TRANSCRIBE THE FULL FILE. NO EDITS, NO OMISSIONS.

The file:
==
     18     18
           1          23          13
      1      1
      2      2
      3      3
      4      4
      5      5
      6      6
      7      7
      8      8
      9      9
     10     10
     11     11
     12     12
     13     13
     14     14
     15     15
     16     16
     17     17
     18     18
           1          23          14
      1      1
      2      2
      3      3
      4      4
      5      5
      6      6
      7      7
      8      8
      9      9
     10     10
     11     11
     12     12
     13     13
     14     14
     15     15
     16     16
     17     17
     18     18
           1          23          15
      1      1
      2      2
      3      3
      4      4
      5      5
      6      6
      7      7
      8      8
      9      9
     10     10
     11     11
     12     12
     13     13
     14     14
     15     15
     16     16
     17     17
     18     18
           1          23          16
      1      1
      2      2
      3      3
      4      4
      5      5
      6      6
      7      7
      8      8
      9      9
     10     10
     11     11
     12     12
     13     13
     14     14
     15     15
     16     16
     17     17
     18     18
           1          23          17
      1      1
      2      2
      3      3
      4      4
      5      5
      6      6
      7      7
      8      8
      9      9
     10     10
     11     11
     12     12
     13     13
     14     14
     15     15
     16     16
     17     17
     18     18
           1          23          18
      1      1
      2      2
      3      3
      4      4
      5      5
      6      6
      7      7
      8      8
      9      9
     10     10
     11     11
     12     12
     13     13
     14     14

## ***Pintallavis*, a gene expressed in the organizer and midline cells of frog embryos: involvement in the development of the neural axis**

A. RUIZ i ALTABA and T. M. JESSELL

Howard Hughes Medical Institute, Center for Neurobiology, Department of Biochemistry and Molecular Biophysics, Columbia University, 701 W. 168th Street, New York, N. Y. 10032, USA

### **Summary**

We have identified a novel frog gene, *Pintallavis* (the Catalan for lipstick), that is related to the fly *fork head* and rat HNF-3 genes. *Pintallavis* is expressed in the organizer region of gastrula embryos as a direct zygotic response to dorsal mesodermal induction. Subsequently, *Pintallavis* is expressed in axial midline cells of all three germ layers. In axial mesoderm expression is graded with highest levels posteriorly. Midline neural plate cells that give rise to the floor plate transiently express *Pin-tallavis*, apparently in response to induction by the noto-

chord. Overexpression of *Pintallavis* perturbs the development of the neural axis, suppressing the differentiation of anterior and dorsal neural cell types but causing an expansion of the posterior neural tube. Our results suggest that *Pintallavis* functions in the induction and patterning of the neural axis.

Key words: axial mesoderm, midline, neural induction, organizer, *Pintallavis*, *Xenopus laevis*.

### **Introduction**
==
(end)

     18     18
           1          23          13
      1      1
      2      2
      3      3
      4      4
      5      5
      6      6
      7      7
      8      8
      9      9
     10     10
     11     11
     12     12
     13     13
     14     14
     15     15
     16     16
     17     17
     18     18
           1          23          14
      1      1
      2      2
      3      3
      4      4
      5      5
      6      6
      7      7
      8      8
      9      9
     10     10
     11     11
     12     12
     13     13
     14     14
     15     15
     16     16
     17     17
     18     18
           1          23          15
      1      1
      2      2
      3      3
      4      4
      5      5
      6      6
      7      7
      8      8
      9      9
     10     10
     11     11
     12     12
     13     13
     14     14
     15     15
     16     16
     17     17
     18     18
           1          23          16
      1      1
      2      2
      3      3
      4      4
      5      5
      6      6
      7      7
      8      8
      9      9
     10     10
     11     11
     12     12
     13     13
     14     14
     15     15
     16     16
     17     17
     18     18
           1          23          17
      1      1
      2      2
      3      3
      4      4
      5      5
      6      6
      7      7
      8      8
      9      9
     10     10
     11     11
     12     12
     13     13
     14     14
     15     15
     16     16
     17     17
     18     18
           1          23          18
      1      1
      2      2
      3      3
      4      4
      5      5
      6      6
      7      7
      8      8
      9      9
     10     10
     11     11
     12     12
     13     13
     14     14

## ***Pintallavis*, a gene expressed in the organizer and midline cells of frog embryos: involvement in the development of the neural axis**

A. RUIZ i ALTABA and T. M. JESSELL

Howard Hughes Medical Institute, Center for Neurobiology, Department of Biochemistry and Molecular Biophysics, Columbia University, 701 W. 168th Street, New York, N. Y. 10032, USA

### **Summary**

We have identified a novel frog gene, *Pintallavis* (the Catalan for lipstick), that is related to the fly *fork head* and rat HNF-3 genes. *Pintallavis* is expressed in the organizer region of gastrula embryos as a direct zygotic response to dorsal mesodermal induction. Subsequently, *Pintallavis* is expressed in axial midline cells of all three germ layers. In axial mesoderm expression is graded with highest levels posteriorly. Midline neural plate cells that give rise to the floor plate transiently express *Pin-tallavis*, apparently in response to induction by the noto-

chord. Overexpression of *Pintallavis* perturbs the development of the neural axis, suppressing the differentiation of anterior and dorsal neural cell types but causing an expansion of the posterior neural tube. Our results suggest that *Pintallavis* functions in the induction and patterning of the neural axis.

Key words: axial mesoderm, midline, neural induction, organizer, *Pintallavis*, *Xenopus laevis*.

### **Introduction**